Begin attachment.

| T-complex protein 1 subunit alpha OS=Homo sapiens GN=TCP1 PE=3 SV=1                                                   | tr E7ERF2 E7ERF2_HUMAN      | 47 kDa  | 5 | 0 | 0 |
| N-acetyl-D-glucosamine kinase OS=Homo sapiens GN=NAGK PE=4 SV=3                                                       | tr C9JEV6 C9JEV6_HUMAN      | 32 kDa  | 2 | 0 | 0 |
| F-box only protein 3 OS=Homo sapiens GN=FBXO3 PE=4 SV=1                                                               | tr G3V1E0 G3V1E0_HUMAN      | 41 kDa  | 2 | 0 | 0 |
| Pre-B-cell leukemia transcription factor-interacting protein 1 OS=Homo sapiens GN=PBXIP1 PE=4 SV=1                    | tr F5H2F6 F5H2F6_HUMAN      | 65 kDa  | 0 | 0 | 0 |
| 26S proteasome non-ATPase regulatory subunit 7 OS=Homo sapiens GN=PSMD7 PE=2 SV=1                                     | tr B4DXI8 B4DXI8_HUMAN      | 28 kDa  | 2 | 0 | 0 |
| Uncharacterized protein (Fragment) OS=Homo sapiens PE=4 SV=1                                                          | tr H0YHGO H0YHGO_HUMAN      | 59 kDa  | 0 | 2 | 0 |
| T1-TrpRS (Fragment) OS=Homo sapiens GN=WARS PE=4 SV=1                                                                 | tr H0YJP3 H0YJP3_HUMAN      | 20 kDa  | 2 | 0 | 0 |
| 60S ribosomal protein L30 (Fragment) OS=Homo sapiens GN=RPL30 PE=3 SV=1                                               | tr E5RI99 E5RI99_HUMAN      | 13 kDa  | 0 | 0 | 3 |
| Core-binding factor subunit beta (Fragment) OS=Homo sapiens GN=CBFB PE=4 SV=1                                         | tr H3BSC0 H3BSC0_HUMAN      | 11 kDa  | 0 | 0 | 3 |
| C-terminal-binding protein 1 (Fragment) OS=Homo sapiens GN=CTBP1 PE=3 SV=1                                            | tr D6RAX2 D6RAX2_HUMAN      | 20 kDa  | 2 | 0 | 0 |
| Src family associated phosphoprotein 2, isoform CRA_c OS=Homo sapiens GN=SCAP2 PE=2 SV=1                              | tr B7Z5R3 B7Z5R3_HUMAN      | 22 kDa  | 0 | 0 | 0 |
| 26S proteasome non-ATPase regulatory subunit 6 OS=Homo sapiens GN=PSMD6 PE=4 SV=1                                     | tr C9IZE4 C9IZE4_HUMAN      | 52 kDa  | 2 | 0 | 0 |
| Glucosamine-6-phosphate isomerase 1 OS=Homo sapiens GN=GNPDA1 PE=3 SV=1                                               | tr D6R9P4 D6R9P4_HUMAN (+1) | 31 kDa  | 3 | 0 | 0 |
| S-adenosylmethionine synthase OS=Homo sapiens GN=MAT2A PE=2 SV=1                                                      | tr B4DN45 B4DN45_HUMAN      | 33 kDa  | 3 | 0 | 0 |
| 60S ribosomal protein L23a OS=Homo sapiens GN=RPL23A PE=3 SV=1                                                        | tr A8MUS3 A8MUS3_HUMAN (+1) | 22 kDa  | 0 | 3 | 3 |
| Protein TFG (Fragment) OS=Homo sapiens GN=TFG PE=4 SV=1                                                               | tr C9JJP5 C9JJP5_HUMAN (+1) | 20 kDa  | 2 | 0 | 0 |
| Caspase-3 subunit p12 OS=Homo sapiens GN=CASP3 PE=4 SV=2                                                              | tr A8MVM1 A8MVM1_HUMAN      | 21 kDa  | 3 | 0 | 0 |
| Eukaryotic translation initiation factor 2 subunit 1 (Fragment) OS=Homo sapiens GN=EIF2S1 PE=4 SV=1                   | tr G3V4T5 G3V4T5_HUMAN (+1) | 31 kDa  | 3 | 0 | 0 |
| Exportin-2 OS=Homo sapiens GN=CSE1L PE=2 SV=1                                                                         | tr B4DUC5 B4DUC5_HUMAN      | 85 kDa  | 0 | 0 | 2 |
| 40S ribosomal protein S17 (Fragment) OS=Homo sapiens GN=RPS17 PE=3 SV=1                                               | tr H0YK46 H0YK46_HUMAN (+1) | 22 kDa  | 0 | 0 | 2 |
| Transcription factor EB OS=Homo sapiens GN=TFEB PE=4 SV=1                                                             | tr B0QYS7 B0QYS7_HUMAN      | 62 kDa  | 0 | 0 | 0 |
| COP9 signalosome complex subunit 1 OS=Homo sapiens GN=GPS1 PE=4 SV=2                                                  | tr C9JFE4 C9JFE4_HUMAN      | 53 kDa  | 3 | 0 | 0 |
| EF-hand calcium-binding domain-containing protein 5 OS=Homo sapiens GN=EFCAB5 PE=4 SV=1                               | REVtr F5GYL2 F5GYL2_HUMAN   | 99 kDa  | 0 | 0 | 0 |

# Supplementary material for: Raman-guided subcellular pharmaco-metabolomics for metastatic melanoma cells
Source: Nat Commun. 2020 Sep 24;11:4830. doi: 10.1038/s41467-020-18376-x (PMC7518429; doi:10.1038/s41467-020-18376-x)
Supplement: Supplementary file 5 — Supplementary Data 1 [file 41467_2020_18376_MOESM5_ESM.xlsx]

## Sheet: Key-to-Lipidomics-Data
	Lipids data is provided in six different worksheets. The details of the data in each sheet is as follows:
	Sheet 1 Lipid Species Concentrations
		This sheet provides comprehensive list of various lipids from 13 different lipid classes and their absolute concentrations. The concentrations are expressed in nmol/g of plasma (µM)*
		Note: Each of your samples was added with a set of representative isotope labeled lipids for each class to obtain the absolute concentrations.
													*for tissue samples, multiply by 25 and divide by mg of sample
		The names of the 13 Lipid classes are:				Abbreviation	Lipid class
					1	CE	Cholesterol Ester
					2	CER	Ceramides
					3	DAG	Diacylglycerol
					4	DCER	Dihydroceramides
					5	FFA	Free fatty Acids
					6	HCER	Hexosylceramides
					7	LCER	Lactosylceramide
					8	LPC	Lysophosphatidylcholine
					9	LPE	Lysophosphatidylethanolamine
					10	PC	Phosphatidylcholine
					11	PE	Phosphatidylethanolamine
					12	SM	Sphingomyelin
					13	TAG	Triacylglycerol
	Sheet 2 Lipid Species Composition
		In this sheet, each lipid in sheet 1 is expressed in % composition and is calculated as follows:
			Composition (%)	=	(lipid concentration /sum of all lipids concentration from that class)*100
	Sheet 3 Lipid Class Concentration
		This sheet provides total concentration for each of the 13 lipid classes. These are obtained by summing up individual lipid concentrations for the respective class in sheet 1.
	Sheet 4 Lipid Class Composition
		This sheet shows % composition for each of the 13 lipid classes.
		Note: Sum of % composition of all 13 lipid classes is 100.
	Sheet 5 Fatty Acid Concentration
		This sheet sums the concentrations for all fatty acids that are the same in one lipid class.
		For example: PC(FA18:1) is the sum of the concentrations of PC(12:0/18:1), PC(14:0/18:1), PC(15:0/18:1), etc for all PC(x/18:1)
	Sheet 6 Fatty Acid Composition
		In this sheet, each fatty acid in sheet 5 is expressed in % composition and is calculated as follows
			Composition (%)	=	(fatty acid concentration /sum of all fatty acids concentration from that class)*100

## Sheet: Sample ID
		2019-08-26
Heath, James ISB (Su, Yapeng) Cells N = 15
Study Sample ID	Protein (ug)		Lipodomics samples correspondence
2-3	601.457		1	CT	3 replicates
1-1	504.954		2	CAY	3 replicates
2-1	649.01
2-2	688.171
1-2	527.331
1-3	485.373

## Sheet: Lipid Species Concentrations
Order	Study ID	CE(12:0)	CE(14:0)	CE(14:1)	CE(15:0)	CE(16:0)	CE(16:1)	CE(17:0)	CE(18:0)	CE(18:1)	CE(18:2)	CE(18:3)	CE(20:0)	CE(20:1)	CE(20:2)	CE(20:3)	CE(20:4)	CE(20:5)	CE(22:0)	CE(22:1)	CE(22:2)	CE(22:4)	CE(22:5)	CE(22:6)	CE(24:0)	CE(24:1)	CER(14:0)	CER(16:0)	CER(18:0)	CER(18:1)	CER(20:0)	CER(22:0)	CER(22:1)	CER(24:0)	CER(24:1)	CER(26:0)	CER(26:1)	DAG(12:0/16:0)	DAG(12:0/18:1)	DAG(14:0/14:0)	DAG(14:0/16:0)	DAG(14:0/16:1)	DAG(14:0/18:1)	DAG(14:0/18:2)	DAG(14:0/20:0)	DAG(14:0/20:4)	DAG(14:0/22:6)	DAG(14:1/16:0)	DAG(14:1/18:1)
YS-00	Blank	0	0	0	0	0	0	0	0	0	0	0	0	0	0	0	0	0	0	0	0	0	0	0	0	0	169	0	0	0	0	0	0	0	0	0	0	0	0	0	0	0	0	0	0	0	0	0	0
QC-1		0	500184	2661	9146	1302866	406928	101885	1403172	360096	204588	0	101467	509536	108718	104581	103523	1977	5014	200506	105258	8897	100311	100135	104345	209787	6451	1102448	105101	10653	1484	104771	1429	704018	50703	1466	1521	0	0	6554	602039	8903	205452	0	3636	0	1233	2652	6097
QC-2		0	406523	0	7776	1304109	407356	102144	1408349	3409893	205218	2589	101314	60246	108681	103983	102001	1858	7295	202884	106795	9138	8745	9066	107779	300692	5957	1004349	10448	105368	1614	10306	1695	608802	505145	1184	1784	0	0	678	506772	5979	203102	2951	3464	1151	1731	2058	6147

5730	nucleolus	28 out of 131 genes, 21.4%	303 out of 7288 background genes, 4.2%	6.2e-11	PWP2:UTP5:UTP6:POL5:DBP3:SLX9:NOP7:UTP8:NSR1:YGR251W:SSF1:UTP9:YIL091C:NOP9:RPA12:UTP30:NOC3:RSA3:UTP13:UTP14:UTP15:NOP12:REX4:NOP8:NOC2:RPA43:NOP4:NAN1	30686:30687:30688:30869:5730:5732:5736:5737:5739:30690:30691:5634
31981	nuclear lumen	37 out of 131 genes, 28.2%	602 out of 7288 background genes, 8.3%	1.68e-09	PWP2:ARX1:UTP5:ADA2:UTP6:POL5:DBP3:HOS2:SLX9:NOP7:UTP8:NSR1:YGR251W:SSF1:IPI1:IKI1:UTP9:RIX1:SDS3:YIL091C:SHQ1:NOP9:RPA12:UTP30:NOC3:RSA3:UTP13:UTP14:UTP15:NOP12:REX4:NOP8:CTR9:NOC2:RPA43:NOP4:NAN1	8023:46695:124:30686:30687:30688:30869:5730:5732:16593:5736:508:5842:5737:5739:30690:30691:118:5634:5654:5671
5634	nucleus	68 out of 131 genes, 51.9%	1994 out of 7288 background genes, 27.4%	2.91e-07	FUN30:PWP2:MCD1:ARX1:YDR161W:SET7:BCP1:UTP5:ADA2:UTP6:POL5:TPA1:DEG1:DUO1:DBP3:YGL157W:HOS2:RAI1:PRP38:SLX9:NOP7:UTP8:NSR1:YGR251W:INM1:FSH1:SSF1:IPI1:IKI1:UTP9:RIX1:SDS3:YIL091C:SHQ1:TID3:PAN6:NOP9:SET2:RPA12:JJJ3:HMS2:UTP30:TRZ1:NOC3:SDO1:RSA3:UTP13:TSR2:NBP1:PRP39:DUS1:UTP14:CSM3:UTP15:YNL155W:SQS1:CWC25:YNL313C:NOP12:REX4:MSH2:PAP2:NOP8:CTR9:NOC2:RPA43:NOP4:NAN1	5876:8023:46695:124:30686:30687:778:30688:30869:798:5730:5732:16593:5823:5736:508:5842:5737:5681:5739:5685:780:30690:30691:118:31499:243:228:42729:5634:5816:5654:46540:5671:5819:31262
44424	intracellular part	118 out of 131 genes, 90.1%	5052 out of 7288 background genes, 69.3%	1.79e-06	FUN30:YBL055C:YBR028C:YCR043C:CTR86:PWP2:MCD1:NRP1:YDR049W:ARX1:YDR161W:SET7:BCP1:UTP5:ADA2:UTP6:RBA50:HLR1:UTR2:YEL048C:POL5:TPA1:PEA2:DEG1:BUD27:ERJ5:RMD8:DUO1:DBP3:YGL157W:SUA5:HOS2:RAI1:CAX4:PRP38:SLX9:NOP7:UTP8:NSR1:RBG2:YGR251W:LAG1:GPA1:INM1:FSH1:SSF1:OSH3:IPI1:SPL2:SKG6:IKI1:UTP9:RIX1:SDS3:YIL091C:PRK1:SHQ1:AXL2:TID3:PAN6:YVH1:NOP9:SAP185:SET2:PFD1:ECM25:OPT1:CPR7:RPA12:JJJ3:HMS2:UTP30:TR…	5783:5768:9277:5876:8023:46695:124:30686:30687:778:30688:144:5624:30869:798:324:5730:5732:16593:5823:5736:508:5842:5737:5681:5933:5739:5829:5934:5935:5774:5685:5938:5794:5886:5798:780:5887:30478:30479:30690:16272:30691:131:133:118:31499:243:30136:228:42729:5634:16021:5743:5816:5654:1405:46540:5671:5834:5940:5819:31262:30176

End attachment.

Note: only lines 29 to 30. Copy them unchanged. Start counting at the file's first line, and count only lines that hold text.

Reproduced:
	Sheet 1 Lipid Species Concentrations
		This sheet provides comprehensive list of various lipids from 13 different lipid classes and their absolute concentrations. The concentrations are expressed in nmol/g of plasma (µM)*